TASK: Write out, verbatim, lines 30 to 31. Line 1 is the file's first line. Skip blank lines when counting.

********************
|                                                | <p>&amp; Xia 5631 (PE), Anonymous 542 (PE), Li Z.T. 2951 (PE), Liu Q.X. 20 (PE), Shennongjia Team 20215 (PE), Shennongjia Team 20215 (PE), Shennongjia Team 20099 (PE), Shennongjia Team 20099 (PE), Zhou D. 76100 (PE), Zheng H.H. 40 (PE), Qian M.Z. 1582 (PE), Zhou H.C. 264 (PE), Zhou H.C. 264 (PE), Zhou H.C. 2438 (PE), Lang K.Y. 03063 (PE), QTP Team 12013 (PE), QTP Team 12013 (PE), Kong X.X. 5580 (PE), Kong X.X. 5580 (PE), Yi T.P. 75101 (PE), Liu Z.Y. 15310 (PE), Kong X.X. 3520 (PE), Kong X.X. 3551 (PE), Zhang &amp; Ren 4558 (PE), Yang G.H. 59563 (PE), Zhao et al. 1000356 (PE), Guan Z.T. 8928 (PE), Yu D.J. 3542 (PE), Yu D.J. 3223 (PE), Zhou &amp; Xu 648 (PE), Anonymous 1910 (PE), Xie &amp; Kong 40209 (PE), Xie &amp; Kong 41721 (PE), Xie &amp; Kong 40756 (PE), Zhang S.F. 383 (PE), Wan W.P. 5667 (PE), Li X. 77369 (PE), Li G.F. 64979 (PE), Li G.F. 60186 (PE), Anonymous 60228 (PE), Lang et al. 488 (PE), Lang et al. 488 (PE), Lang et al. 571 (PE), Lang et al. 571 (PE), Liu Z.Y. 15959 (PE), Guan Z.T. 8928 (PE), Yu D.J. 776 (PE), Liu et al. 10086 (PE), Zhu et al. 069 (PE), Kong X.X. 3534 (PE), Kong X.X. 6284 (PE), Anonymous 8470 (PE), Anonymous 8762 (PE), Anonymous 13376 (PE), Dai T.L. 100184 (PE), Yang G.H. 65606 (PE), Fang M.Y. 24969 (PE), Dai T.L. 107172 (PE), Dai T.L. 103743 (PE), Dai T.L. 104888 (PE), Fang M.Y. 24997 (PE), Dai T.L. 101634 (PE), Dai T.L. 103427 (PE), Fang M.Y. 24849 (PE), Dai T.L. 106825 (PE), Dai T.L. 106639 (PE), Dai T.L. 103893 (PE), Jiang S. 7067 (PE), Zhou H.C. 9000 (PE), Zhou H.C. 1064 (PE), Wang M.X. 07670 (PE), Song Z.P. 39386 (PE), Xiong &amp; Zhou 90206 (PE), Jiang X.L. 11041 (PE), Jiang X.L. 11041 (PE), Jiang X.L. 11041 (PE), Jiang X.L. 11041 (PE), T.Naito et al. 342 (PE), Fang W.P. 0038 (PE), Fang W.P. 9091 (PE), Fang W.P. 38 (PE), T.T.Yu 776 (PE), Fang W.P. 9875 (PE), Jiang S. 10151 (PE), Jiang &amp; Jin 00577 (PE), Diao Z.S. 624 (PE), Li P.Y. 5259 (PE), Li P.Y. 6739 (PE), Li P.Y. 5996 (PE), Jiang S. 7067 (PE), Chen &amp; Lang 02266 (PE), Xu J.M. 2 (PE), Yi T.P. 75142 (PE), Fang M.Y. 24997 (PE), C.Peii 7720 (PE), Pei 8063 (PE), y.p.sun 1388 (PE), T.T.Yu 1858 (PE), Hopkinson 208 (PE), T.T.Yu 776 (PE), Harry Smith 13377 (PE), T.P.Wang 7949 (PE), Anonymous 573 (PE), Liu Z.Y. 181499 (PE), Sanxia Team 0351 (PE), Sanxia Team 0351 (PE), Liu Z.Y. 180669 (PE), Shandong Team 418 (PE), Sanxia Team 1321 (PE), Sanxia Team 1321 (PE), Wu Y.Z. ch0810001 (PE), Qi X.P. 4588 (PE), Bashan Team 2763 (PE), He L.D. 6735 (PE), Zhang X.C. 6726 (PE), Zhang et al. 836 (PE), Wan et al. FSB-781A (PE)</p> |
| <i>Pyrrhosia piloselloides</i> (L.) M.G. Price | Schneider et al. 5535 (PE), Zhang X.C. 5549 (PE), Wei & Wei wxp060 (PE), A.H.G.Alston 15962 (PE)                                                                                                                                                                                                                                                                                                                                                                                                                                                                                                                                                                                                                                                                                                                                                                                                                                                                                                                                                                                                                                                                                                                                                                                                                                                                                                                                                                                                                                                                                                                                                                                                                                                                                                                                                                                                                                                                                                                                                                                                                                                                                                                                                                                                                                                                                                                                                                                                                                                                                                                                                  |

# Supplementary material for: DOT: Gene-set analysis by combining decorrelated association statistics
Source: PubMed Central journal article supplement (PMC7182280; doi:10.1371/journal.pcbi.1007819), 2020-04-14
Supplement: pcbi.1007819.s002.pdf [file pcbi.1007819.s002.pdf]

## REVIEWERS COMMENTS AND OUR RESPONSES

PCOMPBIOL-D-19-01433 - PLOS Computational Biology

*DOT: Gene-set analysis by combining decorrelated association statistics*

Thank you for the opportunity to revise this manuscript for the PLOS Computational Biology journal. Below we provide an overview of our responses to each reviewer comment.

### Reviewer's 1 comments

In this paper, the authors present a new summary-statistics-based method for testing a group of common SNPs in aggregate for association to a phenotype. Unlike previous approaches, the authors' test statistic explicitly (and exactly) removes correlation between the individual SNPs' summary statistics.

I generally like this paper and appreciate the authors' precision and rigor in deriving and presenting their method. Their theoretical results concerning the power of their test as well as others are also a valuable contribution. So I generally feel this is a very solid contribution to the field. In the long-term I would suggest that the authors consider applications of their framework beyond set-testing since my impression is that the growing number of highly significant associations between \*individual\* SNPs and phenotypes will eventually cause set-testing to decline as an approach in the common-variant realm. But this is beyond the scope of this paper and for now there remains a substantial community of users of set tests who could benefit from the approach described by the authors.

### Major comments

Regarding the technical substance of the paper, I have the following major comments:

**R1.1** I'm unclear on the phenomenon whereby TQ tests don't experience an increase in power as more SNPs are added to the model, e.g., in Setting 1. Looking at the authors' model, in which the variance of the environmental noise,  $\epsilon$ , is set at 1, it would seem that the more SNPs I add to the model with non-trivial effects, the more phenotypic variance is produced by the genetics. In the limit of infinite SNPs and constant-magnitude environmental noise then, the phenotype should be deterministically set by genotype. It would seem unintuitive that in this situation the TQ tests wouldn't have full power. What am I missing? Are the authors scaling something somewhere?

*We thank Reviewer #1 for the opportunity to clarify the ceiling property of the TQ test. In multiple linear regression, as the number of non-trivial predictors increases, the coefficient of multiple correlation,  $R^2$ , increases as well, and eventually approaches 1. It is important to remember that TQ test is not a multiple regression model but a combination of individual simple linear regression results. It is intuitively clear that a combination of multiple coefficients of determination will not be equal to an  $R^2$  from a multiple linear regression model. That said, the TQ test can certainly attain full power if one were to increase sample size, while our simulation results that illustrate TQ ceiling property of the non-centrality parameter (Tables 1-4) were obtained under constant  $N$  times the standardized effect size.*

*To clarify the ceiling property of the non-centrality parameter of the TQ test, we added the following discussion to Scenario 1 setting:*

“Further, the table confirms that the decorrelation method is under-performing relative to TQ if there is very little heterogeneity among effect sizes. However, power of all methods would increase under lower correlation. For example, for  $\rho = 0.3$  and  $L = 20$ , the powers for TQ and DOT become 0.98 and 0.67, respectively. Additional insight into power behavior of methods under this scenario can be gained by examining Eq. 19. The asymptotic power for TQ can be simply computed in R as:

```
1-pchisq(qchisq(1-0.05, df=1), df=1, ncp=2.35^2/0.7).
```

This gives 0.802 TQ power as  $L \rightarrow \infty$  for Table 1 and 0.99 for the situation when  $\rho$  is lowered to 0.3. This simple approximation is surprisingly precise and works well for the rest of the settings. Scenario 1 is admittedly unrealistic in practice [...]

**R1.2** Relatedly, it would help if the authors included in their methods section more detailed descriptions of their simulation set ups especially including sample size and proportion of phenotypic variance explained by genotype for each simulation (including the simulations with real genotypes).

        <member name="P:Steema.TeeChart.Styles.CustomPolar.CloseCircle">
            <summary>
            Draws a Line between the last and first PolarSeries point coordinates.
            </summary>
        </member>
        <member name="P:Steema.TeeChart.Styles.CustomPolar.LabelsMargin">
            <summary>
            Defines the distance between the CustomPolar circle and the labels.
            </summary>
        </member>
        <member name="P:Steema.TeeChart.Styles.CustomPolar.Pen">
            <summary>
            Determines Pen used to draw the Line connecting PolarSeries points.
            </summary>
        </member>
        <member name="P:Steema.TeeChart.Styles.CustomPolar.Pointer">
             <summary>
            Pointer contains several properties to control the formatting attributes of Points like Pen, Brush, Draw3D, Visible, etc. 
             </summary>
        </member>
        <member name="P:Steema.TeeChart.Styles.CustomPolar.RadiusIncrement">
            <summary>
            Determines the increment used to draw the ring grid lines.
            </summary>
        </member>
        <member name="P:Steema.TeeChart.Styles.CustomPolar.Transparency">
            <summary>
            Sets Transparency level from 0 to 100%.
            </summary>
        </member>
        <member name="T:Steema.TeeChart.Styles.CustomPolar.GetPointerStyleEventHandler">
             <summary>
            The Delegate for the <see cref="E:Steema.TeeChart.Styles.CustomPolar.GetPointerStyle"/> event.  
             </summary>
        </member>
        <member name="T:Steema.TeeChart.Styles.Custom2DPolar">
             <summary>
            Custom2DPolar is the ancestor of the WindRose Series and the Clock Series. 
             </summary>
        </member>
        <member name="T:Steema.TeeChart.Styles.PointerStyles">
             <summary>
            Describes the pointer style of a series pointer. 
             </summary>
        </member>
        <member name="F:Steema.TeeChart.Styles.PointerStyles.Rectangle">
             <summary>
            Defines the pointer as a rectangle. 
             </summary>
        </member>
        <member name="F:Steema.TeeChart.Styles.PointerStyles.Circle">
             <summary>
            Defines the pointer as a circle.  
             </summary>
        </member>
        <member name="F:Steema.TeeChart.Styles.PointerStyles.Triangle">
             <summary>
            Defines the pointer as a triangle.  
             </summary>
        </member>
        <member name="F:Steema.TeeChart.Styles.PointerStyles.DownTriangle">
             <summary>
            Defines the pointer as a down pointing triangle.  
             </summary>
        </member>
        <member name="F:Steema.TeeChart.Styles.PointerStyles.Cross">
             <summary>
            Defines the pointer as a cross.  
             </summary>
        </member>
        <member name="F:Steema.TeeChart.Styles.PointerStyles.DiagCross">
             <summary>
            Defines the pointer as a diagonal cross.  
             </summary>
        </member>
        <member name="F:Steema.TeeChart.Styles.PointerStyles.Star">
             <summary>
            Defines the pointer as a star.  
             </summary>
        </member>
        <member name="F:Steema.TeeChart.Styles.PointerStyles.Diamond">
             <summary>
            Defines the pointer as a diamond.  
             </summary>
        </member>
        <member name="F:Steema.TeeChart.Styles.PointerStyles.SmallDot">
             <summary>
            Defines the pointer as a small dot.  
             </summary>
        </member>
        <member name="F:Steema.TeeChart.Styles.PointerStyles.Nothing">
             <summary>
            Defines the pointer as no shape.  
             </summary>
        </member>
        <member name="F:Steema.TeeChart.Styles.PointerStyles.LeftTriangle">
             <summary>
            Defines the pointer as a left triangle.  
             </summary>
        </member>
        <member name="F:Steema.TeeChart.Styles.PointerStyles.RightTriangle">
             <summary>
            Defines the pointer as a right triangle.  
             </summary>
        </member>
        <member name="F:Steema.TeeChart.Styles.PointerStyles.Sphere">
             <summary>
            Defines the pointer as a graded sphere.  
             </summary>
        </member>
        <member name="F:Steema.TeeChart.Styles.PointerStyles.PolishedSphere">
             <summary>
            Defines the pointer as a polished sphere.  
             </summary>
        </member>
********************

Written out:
            <summary>
            Defines the distance between the CustomPolar circle and the labels.